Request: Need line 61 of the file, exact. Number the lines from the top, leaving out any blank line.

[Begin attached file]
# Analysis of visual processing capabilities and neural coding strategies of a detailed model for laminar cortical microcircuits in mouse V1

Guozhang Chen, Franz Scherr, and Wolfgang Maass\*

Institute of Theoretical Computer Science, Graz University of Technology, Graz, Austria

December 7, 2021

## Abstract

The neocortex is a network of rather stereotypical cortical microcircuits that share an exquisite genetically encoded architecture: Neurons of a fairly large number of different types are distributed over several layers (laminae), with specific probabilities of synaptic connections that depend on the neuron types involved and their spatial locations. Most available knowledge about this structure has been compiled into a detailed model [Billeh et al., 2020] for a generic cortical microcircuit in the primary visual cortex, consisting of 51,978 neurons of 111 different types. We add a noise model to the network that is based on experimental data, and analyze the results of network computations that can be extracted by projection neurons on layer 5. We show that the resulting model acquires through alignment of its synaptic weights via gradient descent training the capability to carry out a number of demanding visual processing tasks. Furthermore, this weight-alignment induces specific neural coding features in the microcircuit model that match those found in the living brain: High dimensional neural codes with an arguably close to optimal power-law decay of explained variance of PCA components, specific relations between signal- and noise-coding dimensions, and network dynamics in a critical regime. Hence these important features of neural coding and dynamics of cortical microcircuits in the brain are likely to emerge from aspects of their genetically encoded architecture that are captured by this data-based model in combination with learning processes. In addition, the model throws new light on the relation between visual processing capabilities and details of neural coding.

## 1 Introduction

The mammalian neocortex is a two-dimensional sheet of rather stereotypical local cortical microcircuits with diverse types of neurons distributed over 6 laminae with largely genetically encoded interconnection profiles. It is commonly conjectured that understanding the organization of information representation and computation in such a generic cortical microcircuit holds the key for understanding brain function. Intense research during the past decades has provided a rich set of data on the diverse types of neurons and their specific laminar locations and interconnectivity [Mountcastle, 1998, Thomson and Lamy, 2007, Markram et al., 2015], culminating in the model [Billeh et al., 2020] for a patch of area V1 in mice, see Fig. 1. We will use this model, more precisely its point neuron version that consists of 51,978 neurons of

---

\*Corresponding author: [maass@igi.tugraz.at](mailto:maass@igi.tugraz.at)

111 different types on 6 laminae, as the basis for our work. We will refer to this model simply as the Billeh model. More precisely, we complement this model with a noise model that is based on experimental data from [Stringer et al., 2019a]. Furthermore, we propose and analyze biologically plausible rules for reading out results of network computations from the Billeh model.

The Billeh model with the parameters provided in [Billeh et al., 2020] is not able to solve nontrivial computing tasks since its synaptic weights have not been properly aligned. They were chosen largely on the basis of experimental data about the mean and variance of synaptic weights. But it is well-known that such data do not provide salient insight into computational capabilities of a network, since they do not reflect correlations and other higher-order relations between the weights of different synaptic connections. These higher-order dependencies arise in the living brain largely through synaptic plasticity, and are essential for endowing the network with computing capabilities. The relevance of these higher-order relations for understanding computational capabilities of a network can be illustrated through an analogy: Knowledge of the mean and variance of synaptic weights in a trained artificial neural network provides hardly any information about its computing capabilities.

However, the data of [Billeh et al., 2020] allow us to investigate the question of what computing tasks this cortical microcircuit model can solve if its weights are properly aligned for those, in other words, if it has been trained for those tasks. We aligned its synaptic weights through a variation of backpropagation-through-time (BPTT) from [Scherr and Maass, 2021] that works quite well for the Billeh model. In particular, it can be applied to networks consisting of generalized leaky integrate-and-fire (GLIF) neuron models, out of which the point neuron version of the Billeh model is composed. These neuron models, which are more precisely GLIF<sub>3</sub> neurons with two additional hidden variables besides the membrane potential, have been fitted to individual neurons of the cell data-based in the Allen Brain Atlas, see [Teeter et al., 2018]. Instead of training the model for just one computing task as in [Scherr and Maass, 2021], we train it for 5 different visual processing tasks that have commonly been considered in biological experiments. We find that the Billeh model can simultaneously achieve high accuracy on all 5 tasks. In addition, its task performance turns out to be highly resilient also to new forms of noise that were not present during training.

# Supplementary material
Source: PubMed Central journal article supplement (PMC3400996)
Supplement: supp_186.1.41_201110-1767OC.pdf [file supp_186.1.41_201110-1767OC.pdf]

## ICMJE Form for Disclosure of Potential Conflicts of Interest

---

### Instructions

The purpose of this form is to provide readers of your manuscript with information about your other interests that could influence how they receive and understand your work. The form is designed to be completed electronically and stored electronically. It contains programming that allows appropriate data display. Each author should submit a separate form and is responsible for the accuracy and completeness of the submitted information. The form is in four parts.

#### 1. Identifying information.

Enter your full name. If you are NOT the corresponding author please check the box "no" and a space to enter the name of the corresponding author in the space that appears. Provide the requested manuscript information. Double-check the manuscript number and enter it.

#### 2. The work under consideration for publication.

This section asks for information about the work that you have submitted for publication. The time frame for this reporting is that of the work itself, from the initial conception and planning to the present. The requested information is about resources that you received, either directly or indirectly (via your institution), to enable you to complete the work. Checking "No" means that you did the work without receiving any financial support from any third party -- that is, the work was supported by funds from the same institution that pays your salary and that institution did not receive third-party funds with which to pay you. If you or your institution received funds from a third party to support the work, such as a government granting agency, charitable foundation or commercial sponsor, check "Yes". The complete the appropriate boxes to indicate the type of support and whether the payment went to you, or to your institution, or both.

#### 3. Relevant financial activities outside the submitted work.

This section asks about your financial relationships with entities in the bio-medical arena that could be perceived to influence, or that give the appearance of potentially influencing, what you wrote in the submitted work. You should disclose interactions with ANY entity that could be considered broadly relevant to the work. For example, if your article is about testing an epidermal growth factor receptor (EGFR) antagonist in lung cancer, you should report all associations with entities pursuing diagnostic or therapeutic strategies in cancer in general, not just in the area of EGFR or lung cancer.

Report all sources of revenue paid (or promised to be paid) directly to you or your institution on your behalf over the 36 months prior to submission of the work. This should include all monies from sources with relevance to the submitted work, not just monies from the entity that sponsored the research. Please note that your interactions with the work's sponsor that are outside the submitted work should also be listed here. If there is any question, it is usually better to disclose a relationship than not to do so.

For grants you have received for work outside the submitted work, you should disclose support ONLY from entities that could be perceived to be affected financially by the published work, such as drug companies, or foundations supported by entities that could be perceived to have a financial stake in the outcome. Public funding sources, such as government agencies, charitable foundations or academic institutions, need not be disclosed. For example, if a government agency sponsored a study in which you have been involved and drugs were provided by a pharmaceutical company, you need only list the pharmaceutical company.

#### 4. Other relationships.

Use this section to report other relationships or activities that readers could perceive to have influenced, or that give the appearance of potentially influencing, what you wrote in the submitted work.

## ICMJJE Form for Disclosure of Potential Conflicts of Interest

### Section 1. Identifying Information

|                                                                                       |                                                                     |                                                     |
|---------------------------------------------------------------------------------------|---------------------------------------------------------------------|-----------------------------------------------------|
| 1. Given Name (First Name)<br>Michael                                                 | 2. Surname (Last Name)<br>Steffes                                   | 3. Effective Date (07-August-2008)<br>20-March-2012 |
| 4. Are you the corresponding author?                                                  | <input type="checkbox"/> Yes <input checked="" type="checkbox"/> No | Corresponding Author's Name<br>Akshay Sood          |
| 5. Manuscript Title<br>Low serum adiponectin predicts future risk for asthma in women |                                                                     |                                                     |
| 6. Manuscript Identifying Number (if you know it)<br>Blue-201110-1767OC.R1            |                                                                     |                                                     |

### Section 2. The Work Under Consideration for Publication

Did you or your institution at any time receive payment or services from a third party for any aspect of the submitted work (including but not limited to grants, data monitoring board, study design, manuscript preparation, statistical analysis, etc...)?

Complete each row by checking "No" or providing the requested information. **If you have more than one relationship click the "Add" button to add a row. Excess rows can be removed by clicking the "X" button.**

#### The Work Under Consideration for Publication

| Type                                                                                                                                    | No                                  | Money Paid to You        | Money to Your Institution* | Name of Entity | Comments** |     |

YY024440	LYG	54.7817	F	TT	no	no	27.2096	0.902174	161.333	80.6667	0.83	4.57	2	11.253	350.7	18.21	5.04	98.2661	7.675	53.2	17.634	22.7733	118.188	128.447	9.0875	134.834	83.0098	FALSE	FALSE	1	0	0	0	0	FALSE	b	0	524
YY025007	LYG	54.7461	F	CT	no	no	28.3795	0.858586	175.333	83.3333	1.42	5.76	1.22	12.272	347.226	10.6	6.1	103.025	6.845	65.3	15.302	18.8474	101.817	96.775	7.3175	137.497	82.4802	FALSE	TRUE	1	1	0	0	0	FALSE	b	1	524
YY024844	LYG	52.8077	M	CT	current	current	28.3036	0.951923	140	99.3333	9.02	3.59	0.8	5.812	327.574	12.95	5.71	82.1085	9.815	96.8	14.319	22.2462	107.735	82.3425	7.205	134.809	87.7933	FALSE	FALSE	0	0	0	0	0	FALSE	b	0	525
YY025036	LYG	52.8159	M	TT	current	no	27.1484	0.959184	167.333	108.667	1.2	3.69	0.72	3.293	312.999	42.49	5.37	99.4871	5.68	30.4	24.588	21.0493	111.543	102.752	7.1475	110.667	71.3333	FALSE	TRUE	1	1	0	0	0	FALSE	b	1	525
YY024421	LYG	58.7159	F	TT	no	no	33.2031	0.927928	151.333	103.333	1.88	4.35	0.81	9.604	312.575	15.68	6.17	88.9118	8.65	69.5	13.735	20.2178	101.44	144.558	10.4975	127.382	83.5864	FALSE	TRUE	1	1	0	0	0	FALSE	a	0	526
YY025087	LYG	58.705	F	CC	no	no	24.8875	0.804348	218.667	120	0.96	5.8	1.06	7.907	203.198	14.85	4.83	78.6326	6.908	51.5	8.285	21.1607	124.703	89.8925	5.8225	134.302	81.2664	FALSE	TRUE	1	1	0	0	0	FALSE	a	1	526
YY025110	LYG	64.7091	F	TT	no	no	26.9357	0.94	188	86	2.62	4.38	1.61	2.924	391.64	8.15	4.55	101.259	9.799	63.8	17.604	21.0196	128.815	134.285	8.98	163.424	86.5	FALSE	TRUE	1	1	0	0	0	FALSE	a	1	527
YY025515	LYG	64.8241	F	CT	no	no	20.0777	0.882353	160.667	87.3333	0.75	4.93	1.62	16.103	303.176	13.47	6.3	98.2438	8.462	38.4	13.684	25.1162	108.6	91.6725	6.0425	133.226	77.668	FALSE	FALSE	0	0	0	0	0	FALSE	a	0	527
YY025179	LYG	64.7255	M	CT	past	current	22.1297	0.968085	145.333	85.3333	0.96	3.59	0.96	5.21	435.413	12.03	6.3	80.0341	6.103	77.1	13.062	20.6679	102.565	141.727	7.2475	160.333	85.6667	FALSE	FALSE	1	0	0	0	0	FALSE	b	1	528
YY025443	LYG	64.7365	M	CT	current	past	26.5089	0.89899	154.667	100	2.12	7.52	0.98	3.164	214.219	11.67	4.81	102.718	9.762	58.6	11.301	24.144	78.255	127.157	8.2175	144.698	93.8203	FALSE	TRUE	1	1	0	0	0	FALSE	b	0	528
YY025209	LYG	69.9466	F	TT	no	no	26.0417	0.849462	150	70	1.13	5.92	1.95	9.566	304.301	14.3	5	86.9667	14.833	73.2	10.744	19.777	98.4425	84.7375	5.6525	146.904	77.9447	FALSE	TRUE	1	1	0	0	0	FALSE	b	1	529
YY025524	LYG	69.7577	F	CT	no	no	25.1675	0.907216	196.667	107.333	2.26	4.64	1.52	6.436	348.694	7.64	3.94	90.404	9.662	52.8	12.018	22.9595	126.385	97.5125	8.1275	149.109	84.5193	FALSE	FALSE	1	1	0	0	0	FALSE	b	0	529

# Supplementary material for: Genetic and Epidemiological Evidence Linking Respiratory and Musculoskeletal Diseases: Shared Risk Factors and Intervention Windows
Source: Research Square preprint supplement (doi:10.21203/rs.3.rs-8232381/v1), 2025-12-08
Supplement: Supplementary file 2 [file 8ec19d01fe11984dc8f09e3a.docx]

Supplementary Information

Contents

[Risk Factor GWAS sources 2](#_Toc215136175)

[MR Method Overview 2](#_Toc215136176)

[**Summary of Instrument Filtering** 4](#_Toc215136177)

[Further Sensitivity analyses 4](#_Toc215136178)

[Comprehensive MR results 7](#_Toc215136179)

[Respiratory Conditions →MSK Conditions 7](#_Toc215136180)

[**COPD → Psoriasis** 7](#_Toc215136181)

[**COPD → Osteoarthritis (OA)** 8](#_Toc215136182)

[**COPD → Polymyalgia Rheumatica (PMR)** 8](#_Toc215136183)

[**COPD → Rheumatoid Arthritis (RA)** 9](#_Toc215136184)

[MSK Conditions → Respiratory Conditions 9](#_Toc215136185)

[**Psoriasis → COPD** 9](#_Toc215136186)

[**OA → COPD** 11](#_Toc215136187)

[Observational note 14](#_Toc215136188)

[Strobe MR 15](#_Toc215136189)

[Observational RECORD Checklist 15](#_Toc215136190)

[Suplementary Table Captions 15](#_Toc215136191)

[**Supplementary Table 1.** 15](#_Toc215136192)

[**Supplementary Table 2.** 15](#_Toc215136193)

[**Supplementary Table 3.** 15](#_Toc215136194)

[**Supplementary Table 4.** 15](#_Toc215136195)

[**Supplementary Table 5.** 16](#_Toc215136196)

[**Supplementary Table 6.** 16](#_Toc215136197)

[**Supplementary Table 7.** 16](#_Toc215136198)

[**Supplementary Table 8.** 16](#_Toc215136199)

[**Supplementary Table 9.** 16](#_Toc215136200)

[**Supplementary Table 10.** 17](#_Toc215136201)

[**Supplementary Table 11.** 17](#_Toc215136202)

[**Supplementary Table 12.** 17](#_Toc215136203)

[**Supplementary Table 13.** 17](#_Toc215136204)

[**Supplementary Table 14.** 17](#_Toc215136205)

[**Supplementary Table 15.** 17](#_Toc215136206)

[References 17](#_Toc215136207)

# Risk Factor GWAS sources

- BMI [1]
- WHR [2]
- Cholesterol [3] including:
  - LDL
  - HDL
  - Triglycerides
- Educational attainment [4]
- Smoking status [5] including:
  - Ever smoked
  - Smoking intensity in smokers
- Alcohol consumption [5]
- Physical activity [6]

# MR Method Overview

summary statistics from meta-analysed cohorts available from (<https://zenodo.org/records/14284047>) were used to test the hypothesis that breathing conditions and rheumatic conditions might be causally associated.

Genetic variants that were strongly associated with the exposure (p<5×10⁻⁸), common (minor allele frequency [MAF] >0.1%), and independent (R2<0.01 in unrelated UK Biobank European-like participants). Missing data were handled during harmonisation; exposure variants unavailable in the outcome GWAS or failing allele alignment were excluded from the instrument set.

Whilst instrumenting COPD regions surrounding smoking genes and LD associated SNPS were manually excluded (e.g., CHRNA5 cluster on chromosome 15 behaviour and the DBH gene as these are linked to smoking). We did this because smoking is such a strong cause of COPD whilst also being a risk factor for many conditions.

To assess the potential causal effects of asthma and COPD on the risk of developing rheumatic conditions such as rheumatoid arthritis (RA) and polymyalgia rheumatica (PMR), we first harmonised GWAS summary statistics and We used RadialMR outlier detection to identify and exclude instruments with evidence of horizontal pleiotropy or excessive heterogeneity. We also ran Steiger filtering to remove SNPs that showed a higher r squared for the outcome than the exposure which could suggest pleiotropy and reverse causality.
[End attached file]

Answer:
[Risk Factor GWAS sources 2](#_Toc215136175)